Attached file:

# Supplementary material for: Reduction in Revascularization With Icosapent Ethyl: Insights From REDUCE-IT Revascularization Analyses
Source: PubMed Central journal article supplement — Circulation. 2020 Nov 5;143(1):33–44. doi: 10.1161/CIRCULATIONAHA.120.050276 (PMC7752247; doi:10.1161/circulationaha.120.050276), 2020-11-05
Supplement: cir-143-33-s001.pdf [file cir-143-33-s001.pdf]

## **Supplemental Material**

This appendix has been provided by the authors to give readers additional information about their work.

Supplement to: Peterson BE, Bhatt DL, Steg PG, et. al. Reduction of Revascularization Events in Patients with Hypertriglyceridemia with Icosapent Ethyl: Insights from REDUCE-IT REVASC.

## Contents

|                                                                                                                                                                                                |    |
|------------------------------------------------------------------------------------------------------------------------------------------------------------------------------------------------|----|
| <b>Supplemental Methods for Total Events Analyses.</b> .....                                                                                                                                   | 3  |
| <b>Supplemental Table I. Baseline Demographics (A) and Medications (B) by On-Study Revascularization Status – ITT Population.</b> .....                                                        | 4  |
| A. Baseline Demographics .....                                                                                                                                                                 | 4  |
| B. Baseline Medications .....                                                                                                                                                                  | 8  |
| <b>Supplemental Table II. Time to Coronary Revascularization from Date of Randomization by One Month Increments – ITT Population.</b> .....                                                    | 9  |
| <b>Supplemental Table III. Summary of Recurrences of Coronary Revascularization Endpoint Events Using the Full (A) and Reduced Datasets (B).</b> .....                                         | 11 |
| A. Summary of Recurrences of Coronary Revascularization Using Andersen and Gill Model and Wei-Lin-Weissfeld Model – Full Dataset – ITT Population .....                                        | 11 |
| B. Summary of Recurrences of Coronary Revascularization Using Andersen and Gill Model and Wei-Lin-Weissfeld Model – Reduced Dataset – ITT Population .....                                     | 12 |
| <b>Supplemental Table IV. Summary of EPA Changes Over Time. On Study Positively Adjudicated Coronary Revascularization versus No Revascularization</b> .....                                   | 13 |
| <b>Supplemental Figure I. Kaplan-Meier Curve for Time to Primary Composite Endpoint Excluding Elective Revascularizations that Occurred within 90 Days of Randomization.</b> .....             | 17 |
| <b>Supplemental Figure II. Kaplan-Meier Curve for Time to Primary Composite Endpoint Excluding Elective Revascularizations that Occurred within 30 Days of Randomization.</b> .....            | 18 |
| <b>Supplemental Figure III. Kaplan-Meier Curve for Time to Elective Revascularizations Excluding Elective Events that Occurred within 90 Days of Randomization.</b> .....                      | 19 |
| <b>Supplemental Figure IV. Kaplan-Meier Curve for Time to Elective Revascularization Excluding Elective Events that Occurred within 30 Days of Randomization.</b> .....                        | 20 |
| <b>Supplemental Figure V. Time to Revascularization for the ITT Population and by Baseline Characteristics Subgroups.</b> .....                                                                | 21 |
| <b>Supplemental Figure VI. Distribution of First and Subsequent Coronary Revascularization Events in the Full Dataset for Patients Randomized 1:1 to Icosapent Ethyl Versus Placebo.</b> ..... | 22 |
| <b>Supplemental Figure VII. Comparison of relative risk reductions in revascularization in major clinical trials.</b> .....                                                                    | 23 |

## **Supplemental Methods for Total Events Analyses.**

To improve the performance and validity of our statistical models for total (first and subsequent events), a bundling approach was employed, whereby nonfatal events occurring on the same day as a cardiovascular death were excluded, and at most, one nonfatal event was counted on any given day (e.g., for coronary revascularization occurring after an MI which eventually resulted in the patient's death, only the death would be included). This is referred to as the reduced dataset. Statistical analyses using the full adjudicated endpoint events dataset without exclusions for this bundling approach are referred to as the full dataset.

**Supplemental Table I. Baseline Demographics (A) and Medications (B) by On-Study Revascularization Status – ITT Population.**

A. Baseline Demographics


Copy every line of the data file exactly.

# Supplementary material for: Reduction in Revascularization With Icosapent Ethyl: Insights From REDUCE-IT Revascularization Analyses
Source: PubMed Central journal article supplement — Circulation. 2020 Nov 5;143(1):33–44. doi: 10.1161/CIRCULATIONAHA.120.050276 (PMC7752247; doi:10.1161/circulationaha.120.050276), 2020-11-05
Supplement: cir-143-33-s001.pdf [file cir-143-33-s001.pdf]

## **Supplemental Material**

This appendix has been provided by the authors to give readers additional information about their work.

Supplement to: Peterson BE, Bhatt DL, Steg PG, et. al. Reduction of Revascularization Events in Patients with Hypertriglyceridemia with Icosapent Ethyl: Insights from REDUCE-IT REVASC.

## Contents

|                                                                                                                                                                                                |    |
|------------------------------------------------------------------------------------------------------------------------------------------------------------------------------------------------|----|
| <b>Supplemental Methods for Total Events Analyses.</b> .....                                                                                                                                   | 3  |
| <b>Supplemental Table I. Baseline Demographics (A) and Medications (B) by On-Study Revascularization Status – ITT Population.</b> .....                                                        | 4  |
| A. Baseline Demographics .....                                                                                                                                                                 | 4  |
| B. Baseline Medications .....                                                                                                                                                                  | 8  |
| <b>Supplemental Table II. Time to Coronary Revascularization from Date of Randomization by One Month Increments – ITT Population.</b> .....                                                    | 9  |
| <b>Supplemental Table III. Summary of Recurrences of Coronary Revascularization Endpoint Events Using the Full (A) and Reduced Datasets (B).</b> .....                                         | 11 |
| A. Summary of Recurrences of Coronary Revascularization Using Andersen and Gill Model and Wei-Lin-Weissfeld Model – Full Dataset – ITT Population .....                                        | 11 |
| B. Summary of Recurrences of Coronary Revascularization Using Andersen and Gill Model and Wei-Lin-Weissfeld Model – Reduced Dataset – ITT Population .....                                     | 12 |
| <b>Supplemental Table IV. Summary of EPA Changes Over Time. On Study Positively Adjudicated Coronary Revascularization versus No Revascularization</b> .....                                   | 13 |
| <b>Supplemental Figure I. Kaplan-Meier Curve for Time to Primary Composite Endpoint Excluding Elective Revascularizations that Occurred within 90 Days of Randomization.</b> .....             | 17 |
| <b>Supplemental Figure II. Kaplan-Meier Curve for Time to Primary Composite Endpoint Excluding Elective Revascularizations that Occurred within 30 Days of Randomization.</b> .....            | 18 |
| <b>Supplemental Figure III. Kaplan-Meier Curve for Time to Elective Revascularizations Excluding Elective Events that Occurred within 90 Days of Randomization.</b> .....                      | 19 |
| <b>Supplemental Figure IV. Kaplan-Meier Curve for Time to Elective Revascularization Excluding Elective Events that Occurred within 30 Days of Randomization.</b> .....                        | 20 |
| <b>Supplemental Figure V. Time to Revascularization for the ITT Population and by Baseline Characteristics Subgroups.</b> .....                                                                | 21 |
| <b>Supplemental Figure VI. Distribution of First and Subsequent Coronary Revascularization Events in the Full Dataset for Patients Randomized 1:1 to Icosapent Ethyl Versus Placebo.</b> ..... | 22 |
| <b>Supplemental Figure VII. Comparison of relative risk reductions in revascularization in major clinical trials.</b> .....                                                                    | 23 |

## **Supplemental Methods for Total Events Analyses.**

To improve the performance and validity of our statistical models for total (first and subsequent events), a bundling approach was employed, whereby nonfatal events occurring on the same day as a cardiovascular death were excluded, and at most, one nonfatal event was counted on any given day (e.g., for coronary revascularization occurring after an MI which eventually resulted in the patient's death, only the death would be included). This is referred to as the reduced dataset. Statistical analyses using the full adjudicated endpoint events dataset without exclusions for this bundling approach are referred to as the full dataset.

**Supplemental Table I. Baseline Demographics (A) and Medications (B) by On-Study Revascularization Status – ITT Population.**

A. Baseline Demographics